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Twitter Pitch: How an Author Hashtagged Her Way to Discovery by an Agent

While celebrating the 25th birthday of the World Wide Web, we revisited books from over the years that considered how the Internet has impacted our lives, and how doing business has changed. Business, of course, doesn’t refer to just global conglomerates with better data: for authors the Internet has upended the business model. The right application of a Twitter hashtag can result in thousands of eyeballs, and the inspiration to go it alone. But while many authors are using trending hashtags to sell copies of their books to readers, there’s a whole series of hashtags that authors are using to pitch their books to agents and publishers.

Claribel Ortega
Claribel Ortega: 'It's a chance to put your work out there and let them find you.'
Claribel Ortega—a writer with a book, a blog, a collection of writer resources, a stint as a journalist, and a love of technology—recently signed with Fuse Literary Agency after she pitched her book in a follow-the-hashtag event on Twitter. We talked to Claribel about book pitching events on Twitter, how they work, best practices, and how they can help an author’s writing in addition to his or her career.

You met your agent when you used the hashtag #DVpit on Twitter. Give us some background on how that happened.

For #DVpit and other events like it, authors pitch their books in the allotted 140 character space, and use the # for the event along with tags identifying age group, like #YA for young adult, and genre, like #UF for urban fantasy. Editors—usually from smaller or indie houses—and agents look at these tweets and if they’re interested in seeing more from you they will favorite your pitch, which acts as an invitation to send your query and however many pages they ask for. Most editors and agents post their submission guidelines on their Twitter feed the day of the event. You could query most of these agents traditionally but contest requests often get looked at first and there are many agents who are closed to queries unless they request during a contest.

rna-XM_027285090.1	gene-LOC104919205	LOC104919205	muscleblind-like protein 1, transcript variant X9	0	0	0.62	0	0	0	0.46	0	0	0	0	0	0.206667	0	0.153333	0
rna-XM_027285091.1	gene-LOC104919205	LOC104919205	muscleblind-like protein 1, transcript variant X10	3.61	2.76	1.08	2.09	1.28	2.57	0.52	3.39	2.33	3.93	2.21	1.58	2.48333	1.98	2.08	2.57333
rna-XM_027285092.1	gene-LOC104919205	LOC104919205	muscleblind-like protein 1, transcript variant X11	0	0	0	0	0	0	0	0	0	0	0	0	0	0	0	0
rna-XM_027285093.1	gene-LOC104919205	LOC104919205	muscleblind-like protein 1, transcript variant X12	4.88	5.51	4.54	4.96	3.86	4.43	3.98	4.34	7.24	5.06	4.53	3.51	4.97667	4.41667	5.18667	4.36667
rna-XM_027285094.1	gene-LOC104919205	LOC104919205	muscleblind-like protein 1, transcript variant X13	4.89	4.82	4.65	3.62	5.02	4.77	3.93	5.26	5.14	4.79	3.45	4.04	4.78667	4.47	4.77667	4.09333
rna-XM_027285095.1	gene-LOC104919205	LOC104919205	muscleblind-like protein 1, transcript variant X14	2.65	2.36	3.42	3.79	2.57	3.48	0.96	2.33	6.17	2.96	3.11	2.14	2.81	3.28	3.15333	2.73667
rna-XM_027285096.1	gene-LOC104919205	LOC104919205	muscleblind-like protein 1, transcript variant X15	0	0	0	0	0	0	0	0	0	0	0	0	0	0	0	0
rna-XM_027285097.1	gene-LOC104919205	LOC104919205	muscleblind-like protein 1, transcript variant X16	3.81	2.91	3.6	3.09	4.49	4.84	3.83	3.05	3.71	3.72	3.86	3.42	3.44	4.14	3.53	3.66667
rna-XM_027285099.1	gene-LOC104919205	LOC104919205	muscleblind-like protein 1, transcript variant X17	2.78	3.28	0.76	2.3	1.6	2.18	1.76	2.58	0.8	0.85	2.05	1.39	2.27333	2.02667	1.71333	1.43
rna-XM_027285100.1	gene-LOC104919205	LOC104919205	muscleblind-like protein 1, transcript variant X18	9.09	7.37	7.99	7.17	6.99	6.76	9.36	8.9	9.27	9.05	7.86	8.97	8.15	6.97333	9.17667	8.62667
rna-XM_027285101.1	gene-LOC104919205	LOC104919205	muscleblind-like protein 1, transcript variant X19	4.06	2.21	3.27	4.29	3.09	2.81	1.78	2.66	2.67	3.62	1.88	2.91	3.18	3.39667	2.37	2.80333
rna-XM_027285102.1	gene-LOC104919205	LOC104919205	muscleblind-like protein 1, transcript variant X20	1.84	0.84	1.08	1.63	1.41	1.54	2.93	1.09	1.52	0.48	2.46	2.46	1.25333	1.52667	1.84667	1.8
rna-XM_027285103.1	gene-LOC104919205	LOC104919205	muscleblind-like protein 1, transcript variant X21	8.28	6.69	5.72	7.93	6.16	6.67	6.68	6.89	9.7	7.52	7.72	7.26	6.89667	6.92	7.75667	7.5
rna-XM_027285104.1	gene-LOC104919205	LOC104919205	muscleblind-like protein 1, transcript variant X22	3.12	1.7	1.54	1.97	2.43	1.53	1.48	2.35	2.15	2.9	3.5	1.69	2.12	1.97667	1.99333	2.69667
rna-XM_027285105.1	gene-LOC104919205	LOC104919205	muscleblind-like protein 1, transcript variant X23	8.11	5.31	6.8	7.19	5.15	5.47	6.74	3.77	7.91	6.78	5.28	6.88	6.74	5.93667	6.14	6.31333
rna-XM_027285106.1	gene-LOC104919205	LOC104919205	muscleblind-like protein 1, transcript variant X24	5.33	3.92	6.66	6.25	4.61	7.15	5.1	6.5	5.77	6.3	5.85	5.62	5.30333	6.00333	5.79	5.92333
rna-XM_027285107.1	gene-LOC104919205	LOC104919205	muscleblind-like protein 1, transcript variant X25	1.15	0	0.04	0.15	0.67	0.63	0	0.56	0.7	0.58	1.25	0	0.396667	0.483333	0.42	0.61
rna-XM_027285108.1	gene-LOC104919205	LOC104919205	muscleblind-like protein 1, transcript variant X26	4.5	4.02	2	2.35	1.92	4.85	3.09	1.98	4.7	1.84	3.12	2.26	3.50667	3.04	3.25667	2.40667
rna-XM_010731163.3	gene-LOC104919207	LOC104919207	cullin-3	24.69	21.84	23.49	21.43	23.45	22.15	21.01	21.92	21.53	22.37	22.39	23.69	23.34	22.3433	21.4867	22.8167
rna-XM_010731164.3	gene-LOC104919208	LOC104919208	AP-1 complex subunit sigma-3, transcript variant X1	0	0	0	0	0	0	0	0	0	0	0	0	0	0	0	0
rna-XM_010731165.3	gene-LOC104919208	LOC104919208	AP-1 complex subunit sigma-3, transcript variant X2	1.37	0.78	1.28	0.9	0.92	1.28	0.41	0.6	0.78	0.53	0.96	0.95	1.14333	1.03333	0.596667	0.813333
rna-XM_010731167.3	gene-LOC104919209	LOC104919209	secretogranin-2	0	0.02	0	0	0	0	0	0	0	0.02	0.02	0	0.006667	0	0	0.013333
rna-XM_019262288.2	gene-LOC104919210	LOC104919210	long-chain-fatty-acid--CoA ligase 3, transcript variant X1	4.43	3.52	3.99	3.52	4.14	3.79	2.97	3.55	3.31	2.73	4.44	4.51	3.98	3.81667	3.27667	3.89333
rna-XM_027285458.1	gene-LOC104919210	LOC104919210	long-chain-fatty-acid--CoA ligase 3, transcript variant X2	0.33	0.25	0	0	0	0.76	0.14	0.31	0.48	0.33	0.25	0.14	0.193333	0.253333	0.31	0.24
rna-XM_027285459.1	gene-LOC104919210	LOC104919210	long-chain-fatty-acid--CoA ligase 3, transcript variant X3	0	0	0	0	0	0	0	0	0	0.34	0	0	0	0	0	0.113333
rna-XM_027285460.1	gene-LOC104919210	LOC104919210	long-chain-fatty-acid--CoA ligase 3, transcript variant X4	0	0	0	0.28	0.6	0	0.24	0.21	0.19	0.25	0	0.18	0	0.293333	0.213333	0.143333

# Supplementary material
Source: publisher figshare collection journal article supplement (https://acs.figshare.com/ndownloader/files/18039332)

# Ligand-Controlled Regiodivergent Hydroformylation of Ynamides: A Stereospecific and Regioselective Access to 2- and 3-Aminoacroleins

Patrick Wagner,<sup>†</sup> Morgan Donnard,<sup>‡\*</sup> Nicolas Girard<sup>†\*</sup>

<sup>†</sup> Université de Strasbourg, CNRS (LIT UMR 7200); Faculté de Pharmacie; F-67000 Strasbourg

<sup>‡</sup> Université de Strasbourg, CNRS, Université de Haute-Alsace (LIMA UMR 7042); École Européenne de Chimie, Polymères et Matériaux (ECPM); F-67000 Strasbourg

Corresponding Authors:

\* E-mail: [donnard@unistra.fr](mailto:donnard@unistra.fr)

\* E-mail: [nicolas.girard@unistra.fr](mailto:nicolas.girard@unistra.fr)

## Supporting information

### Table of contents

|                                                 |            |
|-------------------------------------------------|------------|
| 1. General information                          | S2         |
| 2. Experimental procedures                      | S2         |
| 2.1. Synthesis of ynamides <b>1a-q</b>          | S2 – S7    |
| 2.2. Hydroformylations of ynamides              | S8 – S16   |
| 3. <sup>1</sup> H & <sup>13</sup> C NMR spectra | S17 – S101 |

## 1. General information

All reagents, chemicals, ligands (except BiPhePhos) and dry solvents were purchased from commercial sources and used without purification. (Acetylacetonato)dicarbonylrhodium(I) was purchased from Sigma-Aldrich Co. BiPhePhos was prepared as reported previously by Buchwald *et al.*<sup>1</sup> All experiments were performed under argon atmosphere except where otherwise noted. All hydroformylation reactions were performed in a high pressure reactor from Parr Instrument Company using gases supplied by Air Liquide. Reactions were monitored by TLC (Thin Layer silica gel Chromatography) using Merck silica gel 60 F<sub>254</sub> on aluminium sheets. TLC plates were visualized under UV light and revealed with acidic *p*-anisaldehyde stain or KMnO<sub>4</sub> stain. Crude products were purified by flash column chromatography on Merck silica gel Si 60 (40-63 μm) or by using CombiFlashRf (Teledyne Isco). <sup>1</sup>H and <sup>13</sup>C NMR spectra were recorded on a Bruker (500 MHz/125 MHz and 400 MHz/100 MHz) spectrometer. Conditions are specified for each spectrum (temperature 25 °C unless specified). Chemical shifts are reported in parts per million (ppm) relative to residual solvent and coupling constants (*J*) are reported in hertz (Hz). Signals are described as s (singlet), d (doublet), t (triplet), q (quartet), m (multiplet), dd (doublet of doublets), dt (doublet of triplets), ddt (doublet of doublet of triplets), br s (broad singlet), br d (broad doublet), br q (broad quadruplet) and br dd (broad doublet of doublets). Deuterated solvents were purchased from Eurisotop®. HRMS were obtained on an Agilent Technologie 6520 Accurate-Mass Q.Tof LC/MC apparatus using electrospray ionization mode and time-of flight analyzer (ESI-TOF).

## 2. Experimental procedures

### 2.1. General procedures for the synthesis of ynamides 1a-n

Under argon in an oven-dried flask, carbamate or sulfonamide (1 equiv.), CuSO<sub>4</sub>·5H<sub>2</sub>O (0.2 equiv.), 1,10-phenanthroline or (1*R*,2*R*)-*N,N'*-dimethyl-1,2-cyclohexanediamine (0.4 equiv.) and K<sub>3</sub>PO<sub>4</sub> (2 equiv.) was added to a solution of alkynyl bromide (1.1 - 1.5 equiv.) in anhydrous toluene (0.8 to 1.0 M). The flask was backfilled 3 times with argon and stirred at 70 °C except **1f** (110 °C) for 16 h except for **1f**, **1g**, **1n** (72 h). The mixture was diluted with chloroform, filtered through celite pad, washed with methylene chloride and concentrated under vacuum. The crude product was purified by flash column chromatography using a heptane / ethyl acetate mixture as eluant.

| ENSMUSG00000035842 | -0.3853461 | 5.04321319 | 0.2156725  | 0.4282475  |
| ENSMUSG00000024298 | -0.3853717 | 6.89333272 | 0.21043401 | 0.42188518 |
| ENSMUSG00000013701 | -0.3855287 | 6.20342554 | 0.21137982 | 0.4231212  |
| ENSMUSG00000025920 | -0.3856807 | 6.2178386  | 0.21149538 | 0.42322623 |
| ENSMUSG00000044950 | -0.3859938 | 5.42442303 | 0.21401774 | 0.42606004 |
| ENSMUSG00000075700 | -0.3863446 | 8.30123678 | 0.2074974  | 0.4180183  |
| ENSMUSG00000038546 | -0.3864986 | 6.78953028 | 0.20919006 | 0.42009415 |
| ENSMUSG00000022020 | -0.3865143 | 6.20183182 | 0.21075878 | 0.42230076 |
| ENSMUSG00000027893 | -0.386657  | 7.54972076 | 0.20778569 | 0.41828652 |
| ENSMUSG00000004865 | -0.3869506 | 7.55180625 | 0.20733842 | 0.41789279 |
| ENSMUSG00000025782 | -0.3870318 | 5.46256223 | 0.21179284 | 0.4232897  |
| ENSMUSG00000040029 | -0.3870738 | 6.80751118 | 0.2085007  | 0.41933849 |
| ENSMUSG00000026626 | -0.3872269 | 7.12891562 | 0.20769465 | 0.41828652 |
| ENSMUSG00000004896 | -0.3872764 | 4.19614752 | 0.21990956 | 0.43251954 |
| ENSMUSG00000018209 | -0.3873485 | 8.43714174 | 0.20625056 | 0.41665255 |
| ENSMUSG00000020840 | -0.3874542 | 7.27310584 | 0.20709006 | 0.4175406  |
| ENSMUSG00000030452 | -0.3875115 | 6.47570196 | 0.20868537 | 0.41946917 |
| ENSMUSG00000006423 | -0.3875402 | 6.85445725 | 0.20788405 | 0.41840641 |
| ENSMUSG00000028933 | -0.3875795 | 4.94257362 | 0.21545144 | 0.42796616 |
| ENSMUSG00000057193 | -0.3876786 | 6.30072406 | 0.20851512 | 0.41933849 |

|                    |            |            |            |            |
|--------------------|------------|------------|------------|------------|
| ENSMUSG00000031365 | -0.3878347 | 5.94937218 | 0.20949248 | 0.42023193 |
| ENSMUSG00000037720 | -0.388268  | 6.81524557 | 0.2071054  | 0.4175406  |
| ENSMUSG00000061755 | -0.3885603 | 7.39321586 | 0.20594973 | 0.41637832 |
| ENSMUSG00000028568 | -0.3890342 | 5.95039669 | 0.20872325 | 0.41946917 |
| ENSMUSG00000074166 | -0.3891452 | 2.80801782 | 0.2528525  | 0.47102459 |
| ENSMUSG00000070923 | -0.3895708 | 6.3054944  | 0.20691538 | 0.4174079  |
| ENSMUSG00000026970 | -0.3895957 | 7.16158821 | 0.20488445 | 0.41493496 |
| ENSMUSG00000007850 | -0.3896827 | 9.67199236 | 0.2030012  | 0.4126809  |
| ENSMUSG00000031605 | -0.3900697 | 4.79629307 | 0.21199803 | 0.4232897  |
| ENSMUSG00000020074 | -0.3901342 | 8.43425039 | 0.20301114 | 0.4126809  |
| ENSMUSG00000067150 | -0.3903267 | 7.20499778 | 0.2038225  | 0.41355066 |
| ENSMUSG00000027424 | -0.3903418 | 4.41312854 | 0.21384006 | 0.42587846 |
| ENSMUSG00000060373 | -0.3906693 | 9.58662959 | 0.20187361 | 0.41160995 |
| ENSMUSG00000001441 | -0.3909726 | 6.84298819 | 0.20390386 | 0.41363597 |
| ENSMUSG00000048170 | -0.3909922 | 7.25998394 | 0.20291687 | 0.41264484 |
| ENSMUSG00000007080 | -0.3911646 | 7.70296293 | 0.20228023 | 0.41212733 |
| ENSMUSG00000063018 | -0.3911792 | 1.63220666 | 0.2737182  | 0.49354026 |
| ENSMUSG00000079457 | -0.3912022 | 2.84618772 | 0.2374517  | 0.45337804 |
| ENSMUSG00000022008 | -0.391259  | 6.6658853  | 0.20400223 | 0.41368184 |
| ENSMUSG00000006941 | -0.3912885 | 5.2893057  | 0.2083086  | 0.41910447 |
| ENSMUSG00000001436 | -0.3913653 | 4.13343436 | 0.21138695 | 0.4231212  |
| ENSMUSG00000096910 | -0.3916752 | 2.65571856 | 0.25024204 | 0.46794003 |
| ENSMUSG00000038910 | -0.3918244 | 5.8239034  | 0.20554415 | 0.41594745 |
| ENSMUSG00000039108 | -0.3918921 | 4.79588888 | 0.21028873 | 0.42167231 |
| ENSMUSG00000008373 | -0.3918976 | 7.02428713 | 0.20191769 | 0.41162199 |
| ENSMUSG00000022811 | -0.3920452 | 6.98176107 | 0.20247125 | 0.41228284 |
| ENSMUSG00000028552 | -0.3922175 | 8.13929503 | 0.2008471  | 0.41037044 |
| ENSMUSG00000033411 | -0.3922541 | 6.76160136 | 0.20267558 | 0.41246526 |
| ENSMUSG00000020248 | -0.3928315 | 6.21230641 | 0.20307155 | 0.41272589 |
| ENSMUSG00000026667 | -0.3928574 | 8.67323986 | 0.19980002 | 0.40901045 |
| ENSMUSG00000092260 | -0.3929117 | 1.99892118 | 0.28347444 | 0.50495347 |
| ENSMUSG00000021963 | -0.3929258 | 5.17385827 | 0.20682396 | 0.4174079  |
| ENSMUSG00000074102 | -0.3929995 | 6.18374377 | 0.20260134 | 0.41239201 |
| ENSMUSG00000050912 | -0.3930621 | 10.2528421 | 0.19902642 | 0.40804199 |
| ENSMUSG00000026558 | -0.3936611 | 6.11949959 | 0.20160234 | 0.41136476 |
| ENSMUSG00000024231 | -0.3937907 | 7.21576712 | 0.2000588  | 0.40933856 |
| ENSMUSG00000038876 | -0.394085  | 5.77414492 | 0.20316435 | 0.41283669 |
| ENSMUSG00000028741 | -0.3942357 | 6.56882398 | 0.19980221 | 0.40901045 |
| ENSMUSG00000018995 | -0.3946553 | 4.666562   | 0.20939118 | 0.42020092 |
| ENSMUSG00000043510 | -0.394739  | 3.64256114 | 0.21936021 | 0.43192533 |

My agents found me via #DVPit which is a Twitter pitching event made specifically for books about and especially by marginalized voices but there are many others that are similar in nature. There’s #Pitmad, #Pitchmas, and others like the science fiction specific #SFFpit that are all scheduled for specific times and followed by editors and agents.

Besides the pitch contests, there are also weekly events, like #MuseMon which I started, #2BitTues and #1LineWed.These are more to showcase your writing, network with other writers on Twitter and sometimes even catch the eye of agents as was the case with me. During the weekly events there is normally a theme—for example #MuseMon is always inspired by music in some way—and you tweet a line from your manuscript that fits that theme. A lot of times I found myself tightening up lines from my book in order to make them fit in the 140 character limit and then finding the new version of the line worked better so I change it in my book. It also helps you find words you used too often in your manuscript.

You participated in other hashtag events before you ultimately had success. What did you take away from the experiences that didn’t ultimately work out for you?